The Continuing Series On The Complete Guide To Estate Planning – Part 4 – Wealth Transition

Warning – The following are general comments for educational purposes and not intended as legal advice.  No client attorney relationship is intended and you should consult an attorney about your specific circumstances before taking any action in reliance on the general information presented in this posting.

This is the third part of the life time planning posting.  It describes the types of documents and the role players you will need to be “well planned.”  Next time, I will focus on why planning for wealth transition is important – for large taxable estates and especially for small non-taxable estates where the costs of not planning can have a bigger impact on your loved ones.

You must decide who will act for you in 6 different situations.   Four of those roles will be acted out during your lifetime.

Agent(s) under your Health Care Power of Attorney.  You must decide if you are unable to make informed medical decisions who will make those decisions for you. You should choose at least one contingent choice if your primary choice is not available. I do not recommend choosing multiple agents to act at the same time because there should be a clear chain of authority to whom medical providers can look for a decision. Your decision maker may consult others, but that authority is not usually written into the grant of authority.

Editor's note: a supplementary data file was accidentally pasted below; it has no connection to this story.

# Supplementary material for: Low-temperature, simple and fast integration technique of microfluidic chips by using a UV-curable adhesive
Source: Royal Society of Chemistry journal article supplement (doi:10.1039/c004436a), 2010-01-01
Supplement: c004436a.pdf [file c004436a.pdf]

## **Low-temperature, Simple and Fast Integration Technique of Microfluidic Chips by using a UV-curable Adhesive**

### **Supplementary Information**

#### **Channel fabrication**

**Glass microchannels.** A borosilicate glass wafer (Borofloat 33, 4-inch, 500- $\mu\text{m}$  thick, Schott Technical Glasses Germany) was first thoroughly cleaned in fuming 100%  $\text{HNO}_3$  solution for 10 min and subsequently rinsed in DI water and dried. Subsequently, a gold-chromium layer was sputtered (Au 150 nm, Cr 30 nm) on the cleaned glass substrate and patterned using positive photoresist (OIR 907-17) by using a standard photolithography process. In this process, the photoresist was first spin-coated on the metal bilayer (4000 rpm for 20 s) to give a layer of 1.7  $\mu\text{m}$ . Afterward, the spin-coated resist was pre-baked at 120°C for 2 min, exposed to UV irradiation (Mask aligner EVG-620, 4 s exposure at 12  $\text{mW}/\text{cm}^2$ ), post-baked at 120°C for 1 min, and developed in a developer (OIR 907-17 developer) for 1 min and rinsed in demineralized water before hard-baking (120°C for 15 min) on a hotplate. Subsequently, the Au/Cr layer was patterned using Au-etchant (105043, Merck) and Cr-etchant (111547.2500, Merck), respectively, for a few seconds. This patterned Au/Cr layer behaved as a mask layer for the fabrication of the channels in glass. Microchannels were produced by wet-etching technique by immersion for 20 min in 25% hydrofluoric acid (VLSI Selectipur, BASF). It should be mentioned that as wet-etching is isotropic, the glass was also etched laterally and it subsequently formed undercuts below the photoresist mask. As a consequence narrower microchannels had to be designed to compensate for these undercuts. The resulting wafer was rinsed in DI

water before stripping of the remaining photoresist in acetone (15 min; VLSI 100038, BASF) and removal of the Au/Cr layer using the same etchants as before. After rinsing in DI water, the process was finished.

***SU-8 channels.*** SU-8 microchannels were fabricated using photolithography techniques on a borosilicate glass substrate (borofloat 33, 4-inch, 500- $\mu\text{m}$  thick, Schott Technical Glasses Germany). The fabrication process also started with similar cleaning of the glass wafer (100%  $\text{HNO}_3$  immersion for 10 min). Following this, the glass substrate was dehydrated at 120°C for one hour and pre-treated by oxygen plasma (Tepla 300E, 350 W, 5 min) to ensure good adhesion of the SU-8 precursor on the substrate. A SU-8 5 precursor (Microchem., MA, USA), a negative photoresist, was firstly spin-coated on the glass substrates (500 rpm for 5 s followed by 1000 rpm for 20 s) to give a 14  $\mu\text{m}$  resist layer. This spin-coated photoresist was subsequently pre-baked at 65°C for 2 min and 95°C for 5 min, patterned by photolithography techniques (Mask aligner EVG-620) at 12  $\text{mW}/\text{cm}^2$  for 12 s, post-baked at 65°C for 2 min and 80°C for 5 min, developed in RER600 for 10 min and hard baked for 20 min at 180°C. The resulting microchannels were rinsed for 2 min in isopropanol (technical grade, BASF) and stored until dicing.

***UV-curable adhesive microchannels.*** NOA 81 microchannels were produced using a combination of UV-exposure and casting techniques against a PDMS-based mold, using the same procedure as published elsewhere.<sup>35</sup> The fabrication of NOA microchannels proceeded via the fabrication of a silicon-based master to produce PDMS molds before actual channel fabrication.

You may specify that certain actions be taken or withheld, but the most useful process is to appoint someone who knows you and your intentions. Too many rules may be confusing rather than helpful.

Agent(s) under your Mental Health Power of Attorney.  In addition to a general health care power of attorney, Arizonans use a mental health power of attorney that may be incorporated into your health care power of attorney or be set forth in a separate document. The mental health power of attorney authorizes your agent to admit you to a “level one behavioral health facility” which is a facility where the doors are locked and you may be restrained if necessary. These facilities are for persons with advanced dementia or Alzheimer’s disease and for younger persons with drug, alcohol, or behavioral conditions. The mental health power of attorney is only effective if the person is unable to make an informed decision about an admission. Without the mental health power of attorney, you may still be admitted to such a facility, but the facility must release you unless the responsible person has obtained a temporary or permanent guardianship within 48 hours. The legal process for obtaining such emergency relief is expensive and most client opt to grant mental health authority to their agents.

A Living Will does not require an actor or role player because it is a declaration of your intention. You must decide how you perceive your own end of life. Do you want to let go when the doctors say there is no possibility of continuing meaningful life. The relevant medical legal terms are “persistent vegetative state,” “irreversible coma,” or “terminal illness” and the decision of whether you’ve reached one of those stages will be made by the physicians who are attending you or anyone you specify. The living will is a declaration of your intent that when it is time, you are content to let nature take its course without the application of heroic measures to continue your life in a diminished state because medical science can. Compare the difference between a declaration of your intent, with the directives in the powers of attorneys that appoint someone to make decisions for you.